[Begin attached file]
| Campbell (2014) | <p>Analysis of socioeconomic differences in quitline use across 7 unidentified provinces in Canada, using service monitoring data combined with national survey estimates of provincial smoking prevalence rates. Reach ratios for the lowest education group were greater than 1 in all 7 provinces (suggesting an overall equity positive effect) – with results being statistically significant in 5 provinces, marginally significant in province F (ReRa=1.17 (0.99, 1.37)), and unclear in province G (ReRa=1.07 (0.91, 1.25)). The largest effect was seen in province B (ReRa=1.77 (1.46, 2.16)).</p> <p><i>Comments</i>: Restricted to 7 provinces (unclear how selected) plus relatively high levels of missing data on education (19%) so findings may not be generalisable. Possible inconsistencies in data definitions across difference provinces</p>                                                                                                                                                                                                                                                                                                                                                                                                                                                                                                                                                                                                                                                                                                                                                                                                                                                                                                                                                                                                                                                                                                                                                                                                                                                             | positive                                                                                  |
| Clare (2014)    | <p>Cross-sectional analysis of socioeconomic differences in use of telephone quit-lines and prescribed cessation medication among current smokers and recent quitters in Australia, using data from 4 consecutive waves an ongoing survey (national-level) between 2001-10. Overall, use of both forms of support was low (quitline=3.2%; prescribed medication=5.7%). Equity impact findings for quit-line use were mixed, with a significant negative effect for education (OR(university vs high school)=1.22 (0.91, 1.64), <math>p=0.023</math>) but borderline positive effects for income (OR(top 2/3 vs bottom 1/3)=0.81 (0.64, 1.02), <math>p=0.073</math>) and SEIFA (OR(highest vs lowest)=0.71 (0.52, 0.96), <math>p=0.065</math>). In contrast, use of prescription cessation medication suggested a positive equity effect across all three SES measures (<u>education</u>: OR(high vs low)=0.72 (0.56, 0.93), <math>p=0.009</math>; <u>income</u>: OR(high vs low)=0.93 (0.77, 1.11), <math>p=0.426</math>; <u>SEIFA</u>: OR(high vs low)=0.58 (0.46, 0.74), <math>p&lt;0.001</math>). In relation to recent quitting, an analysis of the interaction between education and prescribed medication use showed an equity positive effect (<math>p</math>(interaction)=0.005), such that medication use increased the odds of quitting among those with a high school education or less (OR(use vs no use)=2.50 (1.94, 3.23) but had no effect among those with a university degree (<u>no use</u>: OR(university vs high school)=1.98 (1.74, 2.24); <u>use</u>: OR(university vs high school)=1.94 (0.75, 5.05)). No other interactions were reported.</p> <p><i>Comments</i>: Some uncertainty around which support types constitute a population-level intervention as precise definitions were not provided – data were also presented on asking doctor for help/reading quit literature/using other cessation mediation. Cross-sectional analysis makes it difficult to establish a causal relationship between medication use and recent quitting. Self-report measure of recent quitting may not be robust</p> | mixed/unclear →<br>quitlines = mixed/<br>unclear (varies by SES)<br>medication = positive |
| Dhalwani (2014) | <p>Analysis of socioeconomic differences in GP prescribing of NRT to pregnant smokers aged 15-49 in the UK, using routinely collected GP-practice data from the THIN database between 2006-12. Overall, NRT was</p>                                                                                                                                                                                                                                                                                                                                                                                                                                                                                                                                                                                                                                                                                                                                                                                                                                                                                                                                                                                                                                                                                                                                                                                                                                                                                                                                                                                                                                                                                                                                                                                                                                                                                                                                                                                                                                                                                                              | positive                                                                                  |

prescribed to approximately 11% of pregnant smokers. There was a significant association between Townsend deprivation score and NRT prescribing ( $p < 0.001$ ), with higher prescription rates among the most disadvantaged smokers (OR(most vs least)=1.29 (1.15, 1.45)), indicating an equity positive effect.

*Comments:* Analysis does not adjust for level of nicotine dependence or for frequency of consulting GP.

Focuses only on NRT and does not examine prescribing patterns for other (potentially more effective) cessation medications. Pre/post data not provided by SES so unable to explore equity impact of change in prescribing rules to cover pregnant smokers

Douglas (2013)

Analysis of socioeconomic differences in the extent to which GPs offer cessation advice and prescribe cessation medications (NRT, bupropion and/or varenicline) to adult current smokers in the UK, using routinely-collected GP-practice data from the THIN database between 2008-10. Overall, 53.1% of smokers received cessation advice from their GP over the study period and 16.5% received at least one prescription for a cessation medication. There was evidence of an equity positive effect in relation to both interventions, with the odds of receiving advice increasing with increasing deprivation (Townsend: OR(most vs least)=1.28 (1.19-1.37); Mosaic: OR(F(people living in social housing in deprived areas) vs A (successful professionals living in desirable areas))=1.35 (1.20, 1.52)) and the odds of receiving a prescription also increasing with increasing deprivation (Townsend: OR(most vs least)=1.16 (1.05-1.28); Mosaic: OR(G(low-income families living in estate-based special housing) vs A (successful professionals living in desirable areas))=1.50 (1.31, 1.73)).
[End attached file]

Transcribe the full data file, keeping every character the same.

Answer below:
| Campbell (2014) | <p>Analysis of socioeconomic differences in quitline use across 7 unidentified provinces in Canada, using service monitoring data combined with national survey estimates of provincial smoking prevalence rates. Reach ratios for the lowest education group were greater than 1 in all 7 provinces (suggesting an overall equity positive effect) – with results being statistically significant in 5 provinces, marginally significant in province F (ReRa=1.17 (0.99, 1.37)), and unclear in province G (ReRa=1.07 (0.91, 1.25)). The largest effect was seen in province B (ReRa=1.77 (1.46, 2.16)).</p> <p><i>Comments</i>: Restricted to 7 provinces (unclear how selected) plus relatively high levels of missing data on education (19%) so findings may not be generalisable. Possible inconsistencies in data definitions across difference provinces</p>                                                                                                                                                                                                                                                                                                                                                                                                                                                                                                                                                                                                                                                                                                                                                                                                                                                                                                                                                                                                                                                                                                                                                                                                                                                             | positive                                                                                  |
| Clare (2014)    | <p>Cross-sectional analysis of socioeconomic differences in use of telephone quit-lines and prescribed cessation medication among current smokers and recent quitters in Australia, using data from 4 consecutive waves an ongoing survey (national-level) between 2001-10. Overall, use of both forms of support was low (quitline=3.2%; prescribed medication=5.7%). Equity impact findings for quit-line use were mixed, with a significant negative effect for education (OR(university vs high school)=1.22 (0.91, 1.64), <math>p=0.023</math>) but borderline positive effects for income (OR(top 2/3 vs bottom 1/3)=0.81 (0.64, 1.02), <math>p=0.073</math>) and SEIFA (OR(highest vs lowest)=0.71 (0.52, 0.96), <math>p=0.065</math>). In contrast, use of prescription cessation medication suggested a positive equity effect across all three SES measures (<u>education</u>: OR(high vs low)=0.72 (0.56, 0.93), <math>p=0.009</math>; <u>income</u>: OR(high vs low)=0.93 (0.77, 1.11), <math>p=0.426</math>; <u>SEIFA</u>: OR(high vs low)=0.58 (0.46, 0.74), <math>p&lt;0.001</math>). In relation to recent quitting, an analysis of the interaction between education and prescribed medication use showed an equity positive effect (<math>p</math>(interaction)=0.005), such that medication use increased the odds of quitting among those with a high school education or less (OR(use vs no use)=2.50 (1.94, 3.23) but had no effect among those with a university degree (<u>no use</u>: OR(university vs high school)=1.98 (1.74, 2.24); <u>use</u>: OR(university vs high school)=1.94 (0.75, 5.05)). No other interactions were reported.</p> <p><i>Comments</i>: Some uncertainty around which support types constitute a population-level intervention as precise definitions were not provided – data were also presented on asking doctor for help/reading quit literature/using other cessation mediation. Cross-sectional analysis makes it difficult to establish a causal relationship between medication use and recent quitting. Self-report measure of recent quitting may not be robust</p> | mixed/unclear →<br>quitlines = mixed/<br>unclear (varies by SES)<br>medication = positive |
| Dhalwani (2014) | <p>Analysis of socioeconomic differences in GP prescribing of NRT to pregnant smokers aged 15-49 in the UK, using routinely collected GP-practice data from the THIN database between 2006-12. Overall, NRT was</p>                                                                                                                                                                                                                                                                                                                                                                                                                                                                                                                                                                                                                                                                                                                                                                                                                                                                                                                                                                                                                                                                                                                                                                                                                                                                                                                                                                                                                                                                                                                                                                                                                                                                                                                                                                                                                                                                                                              | positive                                                                                  |

prescribed to approximately 11% of pregnant smokers. There was a significant association between Townsend deprivation score and NRT prescribing ( $p < 0.001$ ), with higher prescription rates among the most disadvantaged smokers (OR(most vs least)=1.29 (1.15, 1.45)), indicating an equity positive effect.

*Comments:* Analysis does not adjust for level of nicotine dependence or for frequency of consulting GP.

Focuses only on NRT and does not examine prescribing patterns for other (potentially more effective) cessation medications. Pre/post data not provided by SES so unable to explore equity impact of change in prescribing rules to cover pregnant smokers

Douglas (2013)

Analysis of socioeconomic differences in the extent to which GPs offer cessation advice and prescribe cessation medications (NRT, bupropion and/or varenicline) to adult current smokers in the UK, using routinely-collected GP-practice data from the THIN database between 2008-10. Overall, 53.1% of smokers received cessation advice from their GP over the study period and 16.5% received at least one prescription for a cessation medication. There was evidence of an equity positive effect in relation to both interventions, with the odds of receiving advice increasing with increasing deprivation (Townsend: OR(most vs least)=1.28 (1.19-1.37); Mosaic: OR(F(people living in social housing in deprived areas) vs A (successful professionals living in desirable areas))=1.35 (1.20, 1.52)) and the odds of receiving a prescription also increasing with increasing deprivation (Townsend: OR(most vs least)=1.16 (1.05-1.28); Mosaic: OR(G(low-income families living in estate-based special housing) vs A (successful professionals living in desirable areas))=1.50 (1.31, 1.73)).